The next morning we got to the track early and went to work right away. We attached the hose to the front bumper with zip ties and snaked the other end to right before the oil cooler and using the aluminum fairings and a bunch of duct tape, we had our ghetto air diverter. Now it was time to set up the KW Clubsports for the track. Billy knows Buttonwillow like the back of his hand from his many racing events here, so he has a particular setup in mind. When we jacked up the rear of the car to get to the compression adjustment, it was horror. This is when we found the cause of the cracking noise the day earlier. The endlinks were sheared off and now I was up the creek with no paddle. Where the hell was I going to find endlinks for a 350Z in the middle of po-dunk nowhere? Taylor and I went around to the other teams and asked if they had any spare endlinks that we could use. This is where true sportsmanship comes in. Martin's AMS Evo 8 also had issues with their endlinks, they removed it from the car during the dyno, and forgot to tighten them back up from the drive up from Riverside and they fell off. So he had a set of stock Evo 8 and a set of adjustable endlinks express mailed from Chicago to Buttonwillow and it would be there that day. He graciously offered the set that he wouldn't use to us. It was definitely worth a shot since something was better than nothing. When the package arrived, they ended up using the adjustable endlinks and I prayed that the stock Evo 8 links would fit, and you know what? It did! Wow. Can you freakin' believe that? At least something was going my way.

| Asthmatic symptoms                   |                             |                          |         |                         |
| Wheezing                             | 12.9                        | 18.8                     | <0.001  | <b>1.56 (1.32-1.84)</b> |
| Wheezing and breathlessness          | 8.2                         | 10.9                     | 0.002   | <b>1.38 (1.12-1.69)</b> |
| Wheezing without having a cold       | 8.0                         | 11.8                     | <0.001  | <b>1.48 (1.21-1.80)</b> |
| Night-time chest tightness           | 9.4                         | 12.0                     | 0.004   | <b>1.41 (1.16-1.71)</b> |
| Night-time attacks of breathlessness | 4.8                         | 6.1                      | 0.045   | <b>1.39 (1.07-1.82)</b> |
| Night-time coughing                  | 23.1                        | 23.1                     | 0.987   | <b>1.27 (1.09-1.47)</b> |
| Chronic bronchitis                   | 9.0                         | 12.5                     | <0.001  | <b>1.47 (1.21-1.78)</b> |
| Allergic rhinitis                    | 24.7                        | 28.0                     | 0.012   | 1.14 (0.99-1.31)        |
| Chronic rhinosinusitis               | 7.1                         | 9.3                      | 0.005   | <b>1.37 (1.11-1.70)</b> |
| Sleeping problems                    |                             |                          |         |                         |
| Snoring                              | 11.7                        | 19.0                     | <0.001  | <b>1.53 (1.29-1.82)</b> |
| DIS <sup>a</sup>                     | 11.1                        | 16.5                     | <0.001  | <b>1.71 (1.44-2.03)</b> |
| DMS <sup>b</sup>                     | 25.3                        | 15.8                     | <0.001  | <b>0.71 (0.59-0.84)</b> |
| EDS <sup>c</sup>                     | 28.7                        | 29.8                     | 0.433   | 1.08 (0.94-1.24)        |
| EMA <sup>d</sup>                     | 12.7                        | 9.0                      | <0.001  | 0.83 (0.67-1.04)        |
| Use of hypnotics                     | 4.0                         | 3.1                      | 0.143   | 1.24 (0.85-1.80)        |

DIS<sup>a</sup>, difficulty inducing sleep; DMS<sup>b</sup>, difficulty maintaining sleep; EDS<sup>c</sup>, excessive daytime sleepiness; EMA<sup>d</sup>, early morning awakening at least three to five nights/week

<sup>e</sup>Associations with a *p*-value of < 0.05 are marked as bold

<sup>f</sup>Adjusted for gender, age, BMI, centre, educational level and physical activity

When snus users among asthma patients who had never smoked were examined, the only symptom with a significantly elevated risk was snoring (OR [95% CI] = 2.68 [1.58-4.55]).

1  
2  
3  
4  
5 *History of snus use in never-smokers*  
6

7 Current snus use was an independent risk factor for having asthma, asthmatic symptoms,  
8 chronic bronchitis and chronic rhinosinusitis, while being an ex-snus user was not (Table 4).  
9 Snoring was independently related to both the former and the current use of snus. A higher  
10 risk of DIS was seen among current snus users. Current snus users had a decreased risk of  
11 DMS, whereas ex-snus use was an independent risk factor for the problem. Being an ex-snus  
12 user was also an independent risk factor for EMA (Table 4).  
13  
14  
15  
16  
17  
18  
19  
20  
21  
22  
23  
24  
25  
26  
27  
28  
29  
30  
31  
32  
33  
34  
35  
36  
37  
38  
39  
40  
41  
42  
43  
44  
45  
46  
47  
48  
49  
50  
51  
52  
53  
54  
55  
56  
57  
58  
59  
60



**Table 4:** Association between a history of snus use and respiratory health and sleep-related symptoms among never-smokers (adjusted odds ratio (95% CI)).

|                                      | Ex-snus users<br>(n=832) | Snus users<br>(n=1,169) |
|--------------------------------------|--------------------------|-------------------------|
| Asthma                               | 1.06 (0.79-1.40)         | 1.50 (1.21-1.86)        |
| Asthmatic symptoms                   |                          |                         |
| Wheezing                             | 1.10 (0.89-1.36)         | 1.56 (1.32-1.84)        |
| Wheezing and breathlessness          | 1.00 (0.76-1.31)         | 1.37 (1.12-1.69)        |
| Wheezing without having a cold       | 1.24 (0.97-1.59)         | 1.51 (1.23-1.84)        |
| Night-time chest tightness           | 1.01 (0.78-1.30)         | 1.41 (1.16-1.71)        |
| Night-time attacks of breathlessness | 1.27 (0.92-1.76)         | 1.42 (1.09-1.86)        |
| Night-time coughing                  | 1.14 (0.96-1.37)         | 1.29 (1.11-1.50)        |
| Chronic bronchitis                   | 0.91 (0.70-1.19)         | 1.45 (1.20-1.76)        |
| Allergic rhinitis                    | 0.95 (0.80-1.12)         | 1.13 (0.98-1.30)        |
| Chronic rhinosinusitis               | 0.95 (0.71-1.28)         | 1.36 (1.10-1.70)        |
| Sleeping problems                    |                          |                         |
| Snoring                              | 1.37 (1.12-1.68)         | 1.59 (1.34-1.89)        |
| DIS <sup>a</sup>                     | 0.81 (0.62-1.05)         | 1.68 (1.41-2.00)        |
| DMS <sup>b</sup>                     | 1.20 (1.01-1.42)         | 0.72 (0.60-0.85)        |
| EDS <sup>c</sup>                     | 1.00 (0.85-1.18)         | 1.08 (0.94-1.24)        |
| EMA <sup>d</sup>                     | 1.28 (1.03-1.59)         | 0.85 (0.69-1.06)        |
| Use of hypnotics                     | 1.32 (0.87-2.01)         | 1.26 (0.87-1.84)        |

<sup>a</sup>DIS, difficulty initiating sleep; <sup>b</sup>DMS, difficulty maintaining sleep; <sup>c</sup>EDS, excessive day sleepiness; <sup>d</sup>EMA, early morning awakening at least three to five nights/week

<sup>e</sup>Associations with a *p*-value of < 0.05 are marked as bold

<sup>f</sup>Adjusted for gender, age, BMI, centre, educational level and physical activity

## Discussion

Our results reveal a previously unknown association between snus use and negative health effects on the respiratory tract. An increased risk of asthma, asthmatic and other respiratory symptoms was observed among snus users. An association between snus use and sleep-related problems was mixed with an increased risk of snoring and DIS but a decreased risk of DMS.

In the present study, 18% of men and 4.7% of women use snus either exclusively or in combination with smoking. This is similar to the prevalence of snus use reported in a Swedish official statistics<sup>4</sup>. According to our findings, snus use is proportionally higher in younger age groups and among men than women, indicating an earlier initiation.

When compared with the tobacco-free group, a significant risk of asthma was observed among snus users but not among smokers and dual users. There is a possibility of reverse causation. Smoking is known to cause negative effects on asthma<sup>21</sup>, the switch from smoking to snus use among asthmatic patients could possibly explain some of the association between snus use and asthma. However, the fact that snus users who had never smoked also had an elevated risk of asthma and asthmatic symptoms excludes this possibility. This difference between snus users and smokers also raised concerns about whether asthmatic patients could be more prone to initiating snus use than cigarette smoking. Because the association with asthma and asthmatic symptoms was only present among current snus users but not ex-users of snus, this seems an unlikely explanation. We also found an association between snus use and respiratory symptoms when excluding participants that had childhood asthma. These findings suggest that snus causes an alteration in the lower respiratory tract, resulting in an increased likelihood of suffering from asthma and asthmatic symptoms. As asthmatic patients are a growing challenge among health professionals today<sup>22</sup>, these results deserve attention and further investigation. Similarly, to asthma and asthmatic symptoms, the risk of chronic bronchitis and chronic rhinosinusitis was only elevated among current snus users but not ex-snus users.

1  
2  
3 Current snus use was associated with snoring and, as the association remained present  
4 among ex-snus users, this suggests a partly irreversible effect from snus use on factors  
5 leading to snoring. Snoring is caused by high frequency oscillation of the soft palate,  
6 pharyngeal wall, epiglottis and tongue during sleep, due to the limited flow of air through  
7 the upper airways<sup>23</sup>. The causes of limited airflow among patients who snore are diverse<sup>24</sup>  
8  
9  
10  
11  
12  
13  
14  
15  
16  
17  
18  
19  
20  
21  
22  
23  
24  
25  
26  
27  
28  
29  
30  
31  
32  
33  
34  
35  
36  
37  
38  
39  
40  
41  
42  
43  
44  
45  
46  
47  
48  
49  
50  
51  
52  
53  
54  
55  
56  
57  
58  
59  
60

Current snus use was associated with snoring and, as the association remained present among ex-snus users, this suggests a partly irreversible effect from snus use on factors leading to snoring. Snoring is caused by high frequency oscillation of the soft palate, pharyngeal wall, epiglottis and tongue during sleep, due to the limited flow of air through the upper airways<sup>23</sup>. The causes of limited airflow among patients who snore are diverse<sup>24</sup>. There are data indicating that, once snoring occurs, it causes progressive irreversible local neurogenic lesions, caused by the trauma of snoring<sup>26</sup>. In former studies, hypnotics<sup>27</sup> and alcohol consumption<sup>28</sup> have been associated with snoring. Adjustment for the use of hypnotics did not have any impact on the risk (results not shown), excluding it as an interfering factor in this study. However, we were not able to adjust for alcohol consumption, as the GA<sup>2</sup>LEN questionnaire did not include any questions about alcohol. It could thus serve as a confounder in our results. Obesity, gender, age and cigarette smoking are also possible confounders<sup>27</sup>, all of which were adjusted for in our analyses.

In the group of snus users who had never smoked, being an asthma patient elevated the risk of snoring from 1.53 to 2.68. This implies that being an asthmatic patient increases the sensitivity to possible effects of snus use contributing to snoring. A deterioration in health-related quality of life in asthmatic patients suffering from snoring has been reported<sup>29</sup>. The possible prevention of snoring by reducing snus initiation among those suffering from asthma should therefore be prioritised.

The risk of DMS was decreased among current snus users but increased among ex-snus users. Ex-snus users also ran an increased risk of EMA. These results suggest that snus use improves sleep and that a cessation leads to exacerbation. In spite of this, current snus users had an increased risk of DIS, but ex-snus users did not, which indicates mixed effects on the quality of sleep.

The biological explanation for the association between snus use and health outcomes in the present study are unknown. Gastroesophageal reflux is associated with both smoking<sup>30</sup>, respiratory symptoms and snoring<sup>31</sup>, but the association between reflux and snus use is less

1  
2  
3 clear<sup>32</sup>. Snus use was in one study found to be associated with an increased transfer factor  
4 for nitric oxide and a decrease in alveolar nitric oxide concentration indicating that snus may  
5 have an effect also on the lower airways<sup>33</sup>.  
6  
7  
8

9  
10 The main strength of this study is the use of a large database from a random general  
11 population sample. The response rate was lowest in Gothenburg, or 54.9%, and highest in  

It was like 106° F when we started the time attack practice. Billy had gotten the car adjusted the way he liked and it was time to see what we could get with a blown piston ring and the heat soak. After a few laps, he immediately came in and reported that the car was overheating and the temps were very high. He also said that the fuel pressure warning light on my Defi VSD X was displaying low fuel pressure. We called off the rest of the practice and tried to address the issues as much as we could. Howard raised the fuel pressure on the auxiliary FPR near the fuel tank, and I turned down the boost to be on the safe side. We were running at 18psi, so I turned it down to 14psi. I played MacGyver again and with the help of Chris Marion of KW, we rigged up a mesh in front of the intercooler to so that we could shove ice cubes in front of it and behind the radiator. By now, we were desperate to keep the temps down. When it was our time to do the actual lap, our strategy would be to do one warm up lap, one flying lap for the time, one cool down lap and pit in for 15 minutes to ice everything down and go again for it again. We knew what the competitors were getting and I was confident that Billy could get the Z in those time ranges. So after the flying lap was completed, the lap time was pretty impressive and the Z pitted in for our 15 minutes of ice down. All of us on pit lane were shoving ice into the bumper. Everyone thought the car was on fire since we were frantically running around and throwing what seemed like water into the engine bay. The heat from the engine was melting the ice cubes almost as fast as we were packing them in. As soon as we reached the 15-minute mark, Billy took off and did the warm-up lap and soon started the timed lap. I was keeping time on my stopwatch and watching the time corresponding to where he was on the track and he was BLAZING. At the pace he was at he was going to beat the previous time. He disappeared from view as he rounded the chicane and I was waiting for him to come down the straightaway but nothing. When the stopwatch continued to count up and there was no Z in sight, I knew something was up and our chance to beat the previous time was done.